In summary, RNA silencing pathways are specific, mobile and adaptive which are characteristic features of immune systems (Lecellier & Voinnet, 2004). This indicates that the suggested PDR theory actually acts by inducing an endogenous resistance mechanism and that cross‐protection can be a result of the host using small pieces of viral genetic material to arm itself against sequence‐related strains of the virus. Accordingly, for infection, viruses must cope with this resistance mechanism. They do so by acquiring proteins able to suppress RNA silencing at different points (Li & Ding, 2006). In suppressing specific steps of the RNA silencing pathways these viruses “immunocompromise” their hosts, making them vulnerable to opportunistic viral infections.
1.6. SUPPRESSORS OF RNA SILENCING: CAUSAL AGENTS OF VIRAL SYNERGISM
Despite of RNA silencing, RNA viruses are the predominant class of plant viruses and succeed to infect their hosts. This fact prompted researchers to look for the mechanisms by which viruses circumvent or suppress this host defence.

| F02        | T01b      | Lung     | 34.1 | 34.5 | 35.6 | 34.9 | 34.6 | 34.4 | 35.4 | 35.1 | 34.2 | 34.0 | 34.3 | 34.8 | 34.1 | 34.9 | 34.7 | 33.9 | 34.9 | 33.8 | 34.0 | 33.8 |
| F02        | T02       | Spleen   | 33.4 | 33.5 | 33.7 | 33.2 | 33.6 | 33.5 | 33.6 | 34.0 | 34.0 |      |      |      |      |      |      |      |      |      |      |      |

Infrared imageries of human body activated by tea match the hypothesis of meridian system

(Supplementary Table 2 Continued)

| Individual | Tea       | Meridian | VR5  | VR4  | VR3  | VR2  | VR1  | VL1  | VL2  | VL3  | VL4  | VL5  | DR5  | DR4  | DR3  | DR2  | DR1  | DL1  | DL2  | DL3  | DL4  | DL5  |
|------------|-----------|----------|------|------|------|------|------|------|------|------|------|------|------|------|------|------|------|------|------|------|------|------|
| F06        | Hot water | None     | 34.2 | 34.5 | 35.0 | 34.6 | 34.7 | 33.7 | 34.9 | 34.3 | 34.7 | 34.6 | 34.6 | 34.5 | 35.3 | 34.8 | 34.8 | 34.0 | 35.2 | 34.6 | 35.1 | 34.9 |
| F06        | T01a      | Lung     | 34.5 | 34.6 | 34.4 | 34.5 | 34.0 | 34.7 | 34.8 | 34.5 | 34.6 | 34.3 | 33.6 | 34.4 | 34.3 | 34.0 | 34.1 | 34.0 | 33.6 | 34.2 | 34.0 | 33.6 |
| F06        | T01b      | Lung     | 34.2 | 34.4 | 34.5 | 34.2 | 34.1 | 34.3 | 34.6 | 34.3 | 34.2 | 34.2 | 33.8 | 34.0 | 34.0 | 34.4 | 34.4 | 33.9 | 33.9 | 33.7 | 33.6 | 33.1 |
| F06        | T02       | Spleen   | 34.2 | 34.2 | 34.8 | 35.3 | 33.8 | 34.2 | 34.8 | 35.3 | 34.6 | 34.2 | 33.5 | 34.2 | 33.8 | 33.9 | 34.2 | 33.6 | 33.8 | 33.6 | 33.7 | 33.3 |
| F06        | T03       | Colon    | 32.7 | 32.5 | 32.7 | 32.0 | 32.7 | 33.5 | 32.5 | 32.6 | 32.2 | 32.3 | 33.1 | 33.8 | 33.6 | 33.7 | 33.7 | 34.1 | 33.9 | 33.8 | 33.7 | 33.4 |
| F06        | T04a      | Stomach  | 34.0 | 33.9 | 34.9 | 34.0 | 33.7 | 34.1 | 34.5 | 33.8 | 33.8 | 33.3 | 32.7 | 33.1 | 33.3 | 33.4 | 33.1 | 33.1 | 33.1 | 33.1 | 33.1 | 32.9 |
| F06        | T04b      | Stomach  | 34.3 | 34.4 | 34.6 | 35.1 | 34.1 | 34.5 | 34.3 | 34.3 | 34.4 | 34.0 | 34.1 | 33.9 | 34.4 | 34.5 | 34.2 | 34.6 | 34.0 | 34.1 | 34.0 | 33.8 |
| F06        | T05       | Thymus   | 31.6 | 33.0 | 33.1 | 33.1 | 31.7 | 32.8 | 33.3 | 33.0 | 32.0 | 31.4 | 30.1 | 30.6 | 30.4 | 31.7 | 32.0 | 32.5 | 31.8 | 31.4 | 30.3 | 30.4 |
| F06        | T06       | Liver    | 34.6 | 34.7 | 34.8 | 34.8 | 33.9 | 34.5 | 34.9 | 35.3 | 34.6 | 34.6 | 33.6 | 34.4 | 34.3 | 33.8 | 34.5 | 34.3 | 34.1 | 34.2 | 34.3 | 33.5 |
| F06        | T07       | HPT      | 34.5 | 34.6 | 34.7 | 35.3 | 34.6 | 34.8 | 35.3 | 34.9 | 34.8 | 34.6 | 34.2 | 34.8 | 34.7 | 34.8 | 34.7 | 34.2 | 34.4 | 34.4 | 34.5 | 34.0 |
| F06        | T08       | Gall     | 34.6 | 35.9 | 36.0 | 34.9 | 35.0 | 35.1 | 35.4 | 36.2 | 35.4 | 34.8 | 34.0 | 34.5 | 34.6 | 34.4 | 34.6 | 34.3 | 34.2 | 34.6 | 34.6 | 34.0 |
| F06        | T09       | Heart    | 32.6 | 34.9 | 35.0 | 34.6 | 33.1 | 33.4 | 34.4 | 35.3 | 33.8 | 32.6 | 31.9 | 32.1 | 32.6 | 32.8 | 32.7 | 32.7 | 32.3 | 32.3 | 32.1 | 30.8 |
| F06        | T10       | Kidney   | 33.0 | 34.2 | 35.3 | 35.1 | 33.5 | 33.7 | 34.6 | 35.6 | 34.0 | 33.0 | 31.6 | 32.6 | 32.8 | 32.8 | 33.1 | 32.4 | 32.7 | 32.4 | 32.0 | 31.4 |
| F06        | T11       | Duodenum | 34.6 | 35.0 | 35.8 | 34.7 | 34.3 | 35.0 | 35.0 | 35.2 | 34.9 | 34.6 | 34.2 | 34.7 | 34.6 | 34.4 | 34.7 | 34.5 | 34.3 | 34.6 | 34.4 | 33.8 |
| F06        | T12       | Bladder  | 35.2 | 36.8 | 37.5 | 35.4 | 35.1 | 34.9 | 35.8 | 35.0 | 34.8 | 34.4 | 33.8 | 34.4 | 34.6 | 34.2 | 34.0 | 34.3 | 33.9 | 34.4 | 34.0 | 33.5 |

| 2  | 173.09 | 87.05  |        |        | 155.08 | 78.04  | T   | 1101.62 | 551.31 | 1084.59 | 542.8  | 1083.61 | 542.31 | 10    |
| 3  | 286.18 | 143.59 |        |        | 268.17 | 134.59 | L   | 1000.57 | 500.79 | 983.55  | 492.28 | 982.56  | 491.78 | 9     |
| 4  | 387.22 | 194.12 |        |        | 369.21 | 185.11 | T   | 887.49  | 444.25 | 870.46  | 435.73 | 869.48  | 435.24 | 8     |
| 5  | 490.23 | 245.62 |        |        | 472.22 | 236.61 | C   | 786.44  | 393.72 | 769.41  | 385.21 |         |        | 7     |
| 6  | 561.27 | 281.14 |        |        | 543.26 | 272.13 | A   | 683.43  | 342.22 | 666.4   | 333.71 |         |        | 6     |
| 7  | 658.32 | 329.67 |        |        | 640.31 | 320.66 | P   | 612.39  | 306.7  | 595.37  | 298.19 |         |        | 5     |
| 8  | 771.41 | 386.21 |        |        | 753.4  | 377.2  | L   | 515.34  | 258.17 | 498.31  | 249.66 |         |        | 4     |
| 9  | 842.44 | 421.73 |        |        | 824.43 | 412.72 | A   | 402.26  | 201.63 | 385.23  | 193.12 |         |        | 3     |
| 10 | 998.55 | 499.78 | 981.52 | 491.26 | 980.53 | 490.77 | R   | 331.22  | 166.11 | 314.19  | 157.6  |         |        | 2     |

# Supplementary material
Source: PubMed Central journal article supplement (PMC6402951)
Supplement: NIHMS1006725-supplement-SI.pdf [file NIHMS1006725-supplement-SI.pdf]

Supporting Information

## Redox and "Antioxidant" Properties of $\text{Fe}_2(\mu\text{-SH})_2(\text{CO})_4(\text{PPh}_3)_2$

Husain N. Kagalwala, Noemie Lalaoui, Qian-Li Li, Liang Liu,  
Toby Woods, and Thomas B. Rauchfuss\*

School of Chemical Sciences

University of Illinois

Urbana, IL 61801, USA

In contrast to cross‐protection between closely related viruses, mixed infections with unrelated viruses sometimes cause an enhanced, more severe synergistic disease. Synergistic interactions can be manifested as an expansion of host range, an enhanced cell‐to‐cell and long distance movement, better transmissibility by insect vectors and elevated viral concentrations by one or several of the co‐ infecting viruses (Kassanis et al., 1963; Latham & Wilson, 2008). In fact, these manifestations can all be related to an increase in accumulation (or a decrease in viral degradation) of the synergizing virus. Since RNA silencing limits viral RNA accumulation, intereference with silencing pathways by viruses is a likely mechanism involved in viral synergism. Accordingly, one of the infecting viruses suppresses RNA silencing, which “helps” co‐infecting heterologous viruses (that otherwise would not be able to cope with RNA silencing) to accumulate. The term synergism is used to indicate an effect greater than a simple addition of the effects produced by each virus alone (Kassanis et al., 1963).